Dogs love their owners’ scent more than anything else in the world, including the smell of other humans or the odor of their best doggy friends. In fact, say researchers, owners’ scents are like the smell of sweet perfume to dogs…smelling their owners’ is like getting a great, big treat–something they like even more than the smell of their doggy friends’ butts. Woof!
Scent of the familiar: You may linger like perfume in your dog’s brain
Synopsis: An area of the canine brain associated with reward responds more strongly to the scents of familiar humans than it does to the scents of other humans, or even to those of familiar dogs. This is among the first brain-imaging studies of dogs responding to biological odors. When humans smell the perfume or cologne of someone they love, they may have a similar immediate, emotional reaction that’s not necessarily cognitive.
-Olfaction is believed to be dogs’ most powerful and perhaps important sense and an obvious place to begin for the study of social cognition of conspecifics and humans.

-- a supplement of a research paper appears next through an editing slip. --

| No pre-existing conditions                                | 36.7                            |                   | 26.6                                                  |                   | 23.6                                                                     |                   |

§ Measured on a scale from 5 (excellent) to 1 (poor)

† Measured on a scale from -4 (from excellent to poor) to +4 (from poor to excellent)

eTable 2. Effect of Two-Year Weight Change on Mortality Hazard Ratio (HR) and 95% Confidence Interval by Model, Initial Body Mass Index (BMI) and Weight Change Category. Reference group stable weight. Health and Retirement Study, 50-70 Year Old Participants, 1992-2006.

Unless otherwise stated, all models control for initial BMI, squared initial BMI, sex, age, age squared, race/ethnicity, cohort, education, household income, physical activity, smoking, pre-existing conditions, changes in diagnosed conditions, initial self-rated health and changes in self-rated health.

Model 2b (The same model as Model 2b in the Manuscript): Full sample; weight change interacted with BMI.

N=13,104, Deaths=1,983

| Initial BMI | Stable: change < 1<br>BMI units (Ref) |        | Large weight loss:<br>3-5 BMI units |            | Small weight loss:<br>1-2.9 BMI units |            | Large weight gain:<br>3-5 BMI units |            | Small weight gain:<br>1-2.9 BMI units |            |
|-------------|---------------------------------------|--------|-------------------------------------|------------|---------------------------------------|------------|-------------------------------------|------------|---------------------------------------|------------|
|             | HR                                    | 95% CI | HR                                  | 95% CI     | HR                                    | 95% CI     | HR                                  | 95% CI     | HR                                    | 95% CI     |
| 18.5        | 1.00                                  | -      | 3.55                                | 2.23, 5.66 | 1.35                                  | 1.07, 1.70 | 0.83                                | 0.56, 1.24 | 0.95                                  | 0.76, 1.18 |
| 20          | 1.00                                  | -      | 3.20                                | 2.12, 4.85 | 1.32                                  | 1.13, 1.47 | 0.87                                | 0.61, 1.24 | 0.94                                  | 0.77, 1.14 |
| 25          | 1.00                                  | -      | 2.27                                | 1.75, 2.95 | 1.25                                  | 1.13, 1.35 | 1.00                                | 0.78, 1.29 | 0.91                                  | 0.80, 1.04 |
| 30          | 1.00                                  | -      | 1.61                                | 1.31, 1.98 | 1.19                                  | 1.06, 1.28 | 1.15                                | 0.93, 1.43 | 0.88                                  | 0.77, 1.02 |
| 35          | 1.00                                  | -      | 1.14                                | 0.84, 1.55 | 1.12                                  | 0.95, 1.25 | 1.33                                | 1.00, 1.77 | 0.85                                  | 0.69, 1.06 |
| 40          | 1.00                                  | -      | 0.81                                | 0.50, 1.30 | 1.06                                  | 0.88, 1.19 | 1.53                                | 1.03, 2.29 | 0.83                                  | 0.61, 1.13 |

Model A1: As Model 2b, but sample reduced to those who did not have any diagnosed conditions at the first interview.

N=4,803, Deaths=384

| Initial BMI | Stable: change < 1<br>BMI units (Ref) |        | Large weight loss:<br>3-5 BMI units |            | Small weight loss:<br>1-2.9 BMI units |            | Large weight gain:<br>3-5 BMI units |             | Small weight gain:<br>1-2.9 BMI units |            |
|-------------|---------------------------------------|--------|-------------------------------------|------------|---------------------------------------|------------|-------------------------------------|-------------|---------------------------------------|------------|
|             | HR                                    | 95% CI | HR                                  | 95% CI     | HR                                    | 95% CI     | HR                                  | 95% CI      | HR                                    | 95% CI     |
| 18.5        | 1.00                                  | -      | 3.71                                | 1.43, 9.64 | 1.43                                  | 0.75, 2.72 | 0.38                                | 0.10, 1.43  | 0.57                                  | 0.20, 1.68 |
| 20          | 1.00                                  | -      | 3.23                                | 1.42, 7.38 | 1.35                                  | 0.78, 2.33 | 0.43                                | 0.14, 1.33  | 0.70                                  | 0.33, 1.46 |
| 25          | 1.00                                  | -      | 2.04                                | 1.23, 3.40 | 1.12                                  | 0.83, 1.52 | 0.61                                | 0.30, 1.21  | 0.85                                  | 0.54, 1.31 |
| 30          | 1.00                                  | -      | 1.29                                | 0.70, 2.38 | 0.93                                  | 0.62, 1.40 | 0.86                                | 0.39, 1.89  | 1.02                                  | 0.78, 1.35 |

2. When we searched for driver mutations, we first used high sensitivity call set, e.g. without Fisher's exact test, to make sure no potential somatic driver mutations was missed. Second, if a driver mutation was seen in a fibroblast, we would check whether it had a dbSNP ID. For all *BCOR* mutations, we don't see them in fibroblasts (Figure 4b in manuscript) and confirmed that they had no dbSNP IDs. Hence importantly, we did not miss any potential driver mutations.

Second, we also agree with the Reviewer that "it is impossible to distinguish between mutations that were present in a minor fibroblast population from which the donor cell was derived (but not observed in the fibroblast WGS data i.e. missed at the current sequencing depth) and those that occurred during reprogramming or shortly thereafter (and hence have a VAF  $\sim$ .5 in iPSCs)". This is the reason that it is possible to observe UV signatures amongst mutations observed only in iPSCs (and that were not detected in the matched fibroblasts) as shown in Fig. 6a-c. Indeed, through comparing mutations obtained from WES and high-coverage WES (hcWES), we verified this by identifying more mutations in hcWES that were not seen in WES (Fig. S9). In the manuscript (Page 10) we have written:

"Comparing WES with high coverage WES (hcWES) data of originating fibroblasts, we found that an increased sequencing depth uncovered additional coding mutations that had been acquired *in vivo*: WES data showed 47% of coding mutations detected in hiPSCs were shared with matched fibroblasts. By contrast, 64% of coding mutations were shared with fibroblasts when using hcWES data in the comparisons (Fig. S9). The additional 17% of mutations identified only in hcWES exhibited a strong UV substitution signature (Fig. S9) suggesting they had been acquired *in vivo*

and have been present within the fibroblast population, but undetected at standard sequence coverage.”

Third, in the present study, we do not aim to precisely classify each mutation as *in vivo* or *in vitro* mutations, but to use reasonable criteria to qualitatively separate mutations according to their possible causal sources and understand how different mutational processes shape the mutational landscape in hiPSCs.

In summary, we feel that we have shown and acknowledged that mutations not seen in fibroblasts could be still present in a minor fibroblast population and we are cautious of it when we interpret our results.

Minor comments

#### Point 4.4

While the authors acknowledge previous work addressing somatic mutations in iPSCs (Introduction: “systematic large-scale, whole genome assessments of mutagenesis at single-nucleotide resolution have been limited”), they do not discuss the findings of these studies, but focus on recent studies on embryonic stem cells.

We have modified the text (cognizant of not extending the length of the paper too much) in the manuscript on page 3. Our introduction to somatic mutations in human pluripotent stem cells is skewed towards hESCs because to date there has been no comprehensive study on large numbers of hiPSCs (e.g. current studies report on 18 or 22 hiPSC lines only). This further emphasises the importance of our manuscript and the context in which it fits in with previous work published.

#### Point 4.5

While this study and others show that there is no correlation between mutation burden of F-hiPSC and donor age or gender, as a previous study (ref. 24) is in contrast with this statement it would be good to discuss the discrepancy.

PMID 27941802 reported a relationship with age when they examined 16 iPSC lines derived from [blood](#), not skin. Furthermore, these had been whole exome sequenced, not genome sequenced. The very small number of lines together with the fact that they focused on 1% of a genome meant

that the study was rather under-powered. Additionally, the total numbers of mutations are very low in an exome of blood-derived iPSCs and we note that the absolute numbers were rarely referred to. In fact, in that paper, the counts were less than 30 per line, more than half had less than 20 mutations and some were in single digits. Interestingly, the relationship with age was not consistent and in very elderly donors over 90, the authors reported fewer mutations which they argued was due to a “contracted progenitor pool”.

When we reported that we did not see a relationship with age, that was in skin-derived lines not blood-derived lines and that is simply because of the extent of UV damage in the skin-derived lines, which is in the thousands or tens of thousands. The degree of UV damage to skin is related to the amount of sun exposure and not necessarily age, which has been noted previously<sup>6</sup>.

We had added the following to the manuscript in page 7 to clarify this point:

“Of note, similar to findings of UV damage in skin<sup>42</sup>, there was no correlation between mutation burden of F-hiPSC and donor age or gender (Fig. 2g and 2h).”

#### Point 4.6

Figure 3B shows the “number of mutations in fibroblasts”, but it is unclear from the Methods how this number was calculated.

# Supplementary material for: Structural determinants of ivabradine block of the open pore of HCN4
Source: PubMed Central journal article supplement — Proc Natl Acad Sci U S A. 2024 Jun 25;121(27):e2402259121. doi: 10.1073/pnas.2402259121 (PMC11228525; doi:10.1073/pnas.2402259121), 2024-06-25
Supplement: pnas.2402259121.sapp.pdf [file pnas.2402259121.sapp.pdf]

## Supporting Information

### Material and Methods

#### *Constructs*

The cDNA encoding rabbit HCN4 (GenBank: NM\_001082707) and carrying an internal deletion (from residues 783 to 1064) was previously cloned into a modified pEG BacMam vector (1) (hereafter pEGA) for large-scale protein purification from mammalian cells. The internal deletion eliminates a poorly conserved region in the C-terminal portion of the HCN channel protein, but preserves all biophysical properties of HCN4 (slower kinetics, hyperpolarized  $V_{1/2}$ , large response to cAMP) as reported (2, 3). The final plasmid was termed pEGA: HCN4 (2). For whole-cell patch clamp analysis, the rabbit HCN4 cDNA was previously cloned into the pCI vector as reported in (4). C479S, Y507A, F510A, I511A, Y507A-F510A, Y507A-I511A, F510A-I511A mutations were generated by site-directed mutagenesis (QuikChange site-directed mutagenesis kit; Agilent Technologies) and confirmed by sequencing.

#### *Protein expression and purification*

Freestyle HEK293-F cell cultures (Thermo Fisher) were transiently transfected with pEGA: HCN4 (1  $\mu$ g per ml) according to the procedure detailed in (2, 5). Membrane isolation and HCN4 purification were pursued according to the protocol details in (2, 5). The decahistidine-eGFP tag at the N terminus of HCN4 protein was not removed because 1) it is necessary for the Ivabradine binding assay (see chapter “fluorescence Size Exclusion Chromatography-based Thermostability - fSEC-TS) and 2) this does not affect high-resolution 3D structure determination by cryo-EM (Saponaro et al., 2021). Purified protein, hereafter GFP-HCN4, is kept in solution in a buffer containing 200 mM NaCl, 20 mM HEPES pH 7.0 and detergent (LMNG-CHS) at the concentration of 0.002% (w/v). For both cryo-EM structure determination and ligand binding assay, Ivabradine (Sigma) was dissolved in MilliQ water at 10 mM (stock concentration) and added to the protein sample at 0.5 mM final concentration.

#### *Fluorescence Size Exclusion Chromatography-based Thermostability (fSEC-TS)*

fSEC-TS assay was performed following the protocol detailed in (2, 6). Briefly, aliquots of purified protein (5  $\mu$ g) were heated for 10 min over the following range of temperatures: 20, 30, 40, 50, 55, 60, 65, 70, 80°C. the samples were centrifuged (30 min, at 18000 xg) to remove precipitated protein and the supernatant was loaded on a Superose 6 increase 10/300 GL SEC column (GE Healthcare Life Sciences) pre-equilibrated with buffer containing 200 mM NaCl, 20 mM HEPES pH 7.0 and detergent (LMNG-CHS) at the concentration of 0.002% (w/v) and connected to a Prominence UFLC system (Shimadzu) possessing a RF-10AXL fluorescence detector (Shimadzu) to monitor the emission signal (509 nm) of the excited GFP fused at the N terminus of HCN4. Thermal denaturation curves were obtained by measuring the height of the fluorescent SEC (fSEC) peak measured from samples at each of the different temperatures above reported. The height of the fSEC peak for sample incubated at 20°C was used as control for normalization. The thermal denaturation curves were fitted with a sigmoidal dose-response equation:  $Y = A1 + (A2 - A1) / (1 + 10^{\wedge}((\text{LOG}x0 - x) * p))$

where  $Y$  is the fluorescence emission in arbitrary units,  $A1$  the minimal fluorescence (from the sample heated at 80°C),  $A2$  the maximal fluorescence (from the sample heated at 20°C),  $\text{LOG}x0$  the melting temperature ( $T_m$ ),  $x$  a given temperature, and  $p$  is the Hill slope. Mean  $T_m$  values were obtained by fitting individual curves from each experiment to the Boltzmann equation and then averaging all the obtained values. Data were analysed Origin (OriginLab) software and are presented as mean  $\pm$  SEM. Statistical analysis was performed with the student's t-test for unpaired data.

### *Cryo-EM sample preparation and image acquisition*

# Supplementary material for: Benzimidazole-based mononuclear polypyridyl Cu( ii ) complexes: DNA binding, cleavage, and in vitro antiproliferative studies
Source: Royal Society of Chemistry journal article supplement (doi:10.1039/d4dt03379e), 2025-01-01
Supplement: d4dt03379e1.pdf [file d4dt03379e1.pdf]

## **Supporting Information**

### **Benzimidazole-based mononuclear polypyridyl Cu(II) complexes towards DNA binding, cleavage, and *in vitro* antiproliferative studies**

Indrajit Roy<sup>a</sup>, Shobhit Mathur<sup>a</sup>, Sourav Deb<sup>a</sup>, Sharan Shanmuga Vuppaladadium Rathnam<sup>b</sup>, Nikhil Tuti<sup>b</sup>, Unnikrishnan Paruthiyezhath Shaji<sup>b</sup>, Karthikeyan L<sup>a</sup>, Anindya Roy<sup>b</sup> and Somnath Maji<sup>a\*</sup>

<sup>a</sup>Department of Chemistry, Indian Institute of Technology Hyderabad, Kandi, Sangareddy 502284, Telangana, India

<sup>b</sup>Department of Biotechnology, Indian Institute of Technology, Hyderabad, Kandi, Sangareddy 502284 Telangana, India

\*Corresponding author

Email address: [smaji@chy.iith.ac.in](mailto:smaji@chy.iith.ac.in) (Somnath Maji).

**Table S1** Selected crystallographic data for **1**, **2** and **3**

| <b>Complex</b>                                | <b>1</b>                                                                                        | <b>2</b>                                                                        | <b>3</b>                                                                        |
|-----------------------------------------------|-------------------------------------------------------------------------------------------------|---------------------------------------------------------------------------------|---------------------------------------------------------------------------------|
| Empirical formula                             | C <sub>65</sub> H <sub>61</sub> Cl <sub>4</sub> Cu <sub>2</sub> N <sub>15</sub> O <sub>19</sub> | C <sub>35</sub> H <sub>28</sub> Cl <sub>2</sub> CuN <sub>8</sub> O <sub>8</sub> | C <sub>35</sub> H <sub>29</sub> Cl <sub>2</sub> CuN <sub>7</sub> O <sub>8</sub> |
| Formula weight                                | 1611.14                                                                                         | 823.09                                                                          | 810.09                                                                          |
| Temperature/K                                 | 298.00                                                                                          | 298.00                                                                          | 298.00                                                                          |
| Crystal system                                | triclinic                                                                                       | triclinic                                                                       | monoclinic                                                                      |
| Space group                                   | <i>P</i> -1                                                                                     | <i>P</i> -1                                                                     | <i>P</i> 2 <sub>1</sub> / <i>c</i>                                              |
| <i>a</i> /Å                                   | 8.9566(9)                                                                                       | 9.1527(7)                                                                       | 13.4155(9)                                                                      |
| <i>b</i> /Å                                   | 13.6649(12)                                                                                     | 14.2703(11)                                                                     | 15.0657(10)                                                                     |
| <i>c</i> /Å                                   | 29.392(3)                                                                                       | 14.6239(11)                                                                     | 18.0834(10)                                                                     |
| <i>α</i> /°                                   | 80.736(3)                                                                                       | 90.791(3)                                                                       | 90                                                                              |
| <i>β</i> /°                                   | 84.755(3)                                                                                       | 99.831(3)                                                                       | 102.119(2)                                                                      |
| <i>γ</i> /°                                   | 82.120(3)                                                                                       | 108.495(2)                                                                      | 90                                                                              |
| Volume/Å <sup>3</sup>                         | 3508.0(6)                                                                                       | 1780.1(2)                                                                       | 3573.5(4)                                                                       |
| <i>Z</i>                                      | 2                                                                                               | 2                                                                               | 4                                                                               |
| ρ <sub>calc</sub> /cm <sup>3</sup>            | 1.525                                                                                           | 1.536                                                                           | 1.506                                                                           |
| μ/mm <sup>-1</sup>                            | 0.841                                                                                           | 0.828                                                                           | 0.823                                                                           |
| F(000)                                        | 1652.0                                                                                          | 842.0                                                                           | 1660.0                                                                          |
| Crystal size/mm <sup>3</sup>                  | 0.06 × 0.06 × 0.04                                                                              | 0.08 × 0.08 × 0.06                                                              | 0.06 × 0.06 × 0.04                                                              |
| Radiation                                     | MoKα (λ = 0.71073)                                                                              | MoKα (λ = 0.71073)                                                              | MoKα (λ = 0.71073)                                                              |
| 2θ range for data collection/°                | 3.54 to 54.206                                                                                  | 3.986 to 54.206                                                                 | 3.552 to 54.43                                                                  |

-Researchers focused the analysis on the dog’s caudate nucleus because of its well-known association with positive expectations and because of its clearly defined anatomical location.
-Researchers hypothesized that if dogs’ primary association to reward, whether it is based on food or social bonds, is to humans, then the human scents would activate the caudate more than the conspecific scents.
-An fMRI was performed in 12 awake, unrestrained dogs.
• Dogs were presented five scents: (1) familiar human; (2) strange human; (3) familiar dog; (4) strange dog; (5) self.
-On average, all scents activated olfactory bulb.
•Only scents of the “familiar human” activated caudate nucleus.
•Study results suggests reward–response is reserved for familiar humans over conspecifics.
-The caudate activation suggested that not only did the dogs discriminate that scent from the others, they had a positive association with it.
Read a synopsis of the study here.
Read the full study here.
Journal reference: Gregory S. Berns, Andrew M. Brooks, Mark Spivak. Scent of the familiar: An fMRI study of canine brain responses to familiar and unfamiliar human and dog odors. Behavioural Processes, 2014; DOI: 10.1016/j.beproc.2014.02.011